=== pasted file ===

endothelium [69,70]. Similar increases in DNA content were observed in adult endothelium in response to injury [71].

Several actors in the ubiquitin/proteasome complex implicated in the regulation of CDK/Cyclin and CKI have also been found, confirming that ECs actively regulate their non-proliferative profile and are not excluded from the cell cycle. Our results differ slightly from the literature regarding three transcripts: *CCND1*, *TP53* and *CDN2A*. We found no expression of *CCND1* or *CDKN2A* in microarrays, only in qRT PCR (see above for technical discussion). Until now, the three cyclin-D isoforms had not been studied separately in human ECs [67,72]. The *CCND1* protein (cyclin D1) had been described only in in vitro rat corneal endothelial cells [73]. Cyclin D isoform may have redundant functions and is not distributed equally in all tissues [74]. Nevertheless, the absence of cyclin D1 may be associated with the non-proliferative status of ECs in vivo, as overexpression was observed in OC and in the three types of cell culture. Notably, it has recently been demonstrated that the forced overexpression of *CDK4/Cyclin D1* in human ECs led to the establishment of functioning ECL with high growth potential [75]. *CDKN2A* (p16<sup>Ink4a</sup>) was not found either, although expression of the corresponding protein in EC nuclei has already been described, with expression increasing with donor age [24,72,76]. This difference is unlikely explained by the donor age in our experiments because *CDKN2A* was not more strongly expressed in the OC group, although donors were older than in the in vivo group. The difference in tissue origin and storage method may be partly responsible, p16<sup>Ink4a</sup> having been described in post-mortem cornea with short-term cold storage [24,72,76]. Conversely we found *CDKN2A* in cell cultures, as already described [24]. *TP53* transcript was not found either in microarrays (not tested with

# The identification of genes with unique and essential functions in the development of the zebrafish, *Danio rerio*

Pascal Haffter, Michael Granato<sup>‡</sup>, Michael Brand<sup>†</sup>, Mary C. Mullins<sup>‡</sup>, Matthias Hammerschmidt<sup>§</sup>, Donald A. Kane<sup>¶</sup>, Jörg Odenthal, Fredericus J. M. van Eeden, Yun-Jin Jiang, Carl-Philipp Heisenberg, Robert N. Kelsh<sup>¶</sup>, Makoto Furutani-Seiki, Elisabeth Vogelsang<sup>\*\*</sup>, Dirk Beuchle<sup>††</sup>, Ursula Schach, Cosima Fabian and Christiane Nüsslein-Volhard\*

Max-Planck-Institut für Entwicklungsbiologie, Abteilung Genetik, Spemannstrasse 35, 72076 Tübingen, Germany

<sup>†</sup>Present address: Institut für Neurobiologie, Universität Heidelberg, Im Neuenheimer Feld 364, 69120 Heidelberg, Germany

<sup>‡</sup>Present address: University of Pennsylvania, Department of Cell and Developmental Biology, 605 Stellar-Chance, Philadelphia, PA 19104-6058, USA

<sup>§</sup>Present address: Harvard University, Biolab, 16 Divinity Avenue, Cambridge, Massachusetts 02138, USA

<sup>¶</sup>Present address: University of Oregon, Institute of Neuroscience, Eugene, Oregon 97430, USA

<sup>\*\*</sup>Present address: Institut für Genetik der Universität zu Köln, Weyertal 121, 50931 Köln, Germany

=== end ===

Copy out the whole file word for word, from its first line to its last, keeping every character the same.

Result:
endothelium [69,70]. Similar increases in DNA content were observed in adult endothelium in response to injury [71].

Several actors in the ubiquitin/proteasome complex implicated in the regulation of CDK/Cyclin and CKI have also been found, confirming that ECs actively regulate their non-proliferative profile and are not excluded from the cell cycle. Our results differ slightly from the literature regarding three transcripts: *CCND1*, *TP53* and *CDN2A*. We found no expression of *CCND1* or *CDKN2A* in microarrays, only in qRT PCR (see above for technical discussion). Until now, the three cyclin-D isoforms had not been studied separately in human ECs [67,72]. The *CCND1* protein (cyclin D1) had been described only in in vitro rat corneal endothelial cells [73]. Cyclin D isoform may have redundant functions and is not distributed equally in all tissues [74]. Nevertheless, the absence of cyclin D1 may be associated with the non-proliferative status of ECs in vivo, as overexpression was observed in OC and in the three types of cell culture. Notably, it has recently been demonstrated that the forced overexpression of *CDK4/Cyclin D1* in human ECs led to the establishment of functioning ECL with high growth potential [75]. *CDKN2A* (p16<sup>Ink4a</sup>) was not found either, although expression of the corresponding protein in EC nuclei has already been described, with expression increasing with donor age [24,72,76]. This difference is unlikely explained by the donor age in our experiments because *CDKN2A* was not more strongly expressed in the OC group, although donors were older than in the in vivo group. The difference in tissue origin and storage method may be partly responsible, p16<sup>Ink4a</sup> having been described in post-mortem cornea with short-term cold storage [24,72,76]. Conversely we found *CDKN2A* in cell cultures, as already described [24]. *TP53* transcript was not found either in microarrays (not tested with

# The identification of genes with unique and essential functions in the development of the zebrafish, *Danio rerio*

Pascal Haffter, Michael Granato<sup>‡</sup>, Michael Brand<sup>†</sup>, Mary C. Mullins<sup>‡</sup>, Matthias Hammerschmidt<sup>§</sup>, Donald A. Kane<sup>¶</sup>, Jörg Odenthal, Fredericus J. M. van Eeden, Yun-Jin Jiang, Carl-Philipp Heisenberg, Robert N. Kelsh<sup>¶</sup>, Makoto Furutani-Seiki, Elisabeth Vogelsang<sup>\*\*</sup>, Dirk Beuchle<sup>††</sup>, Ursula Schach, Cosima Fabian and Christiane Nüsslein-Volhard\*

Max-Planck-Institut für Entwicklungsbiologie, Abteilung Genetik, Spemannstrasse 35, 72076 Tübingen, Germany

<sup>†</sup>Present address: Institut für Neurobiologie, Universität Heidelberg, Im Neuenheimer Feld 364, 69120 Heidelberg, Germany

<sup>‡</sup>Present address: University of Pennsylvania, Department of Cell and Developmental Biology, 605 Stellar-Chance, Philadelphia, PA 19104-6058, USA

<sup>§</sup>Present address: Harvard University, Biolab, 16 Divinity Avenue, Cambridge, Massachusetts 02138, USA

<sup>¶</sup>Present address: University of Oregon, Institute of Neuroscience, Eugene, Oregon 97430, USA

<sup>\*\*</sup>Present address: Institut für Genetik der Universität zu Köln, Weyertal 121, 50931 Köln, Germany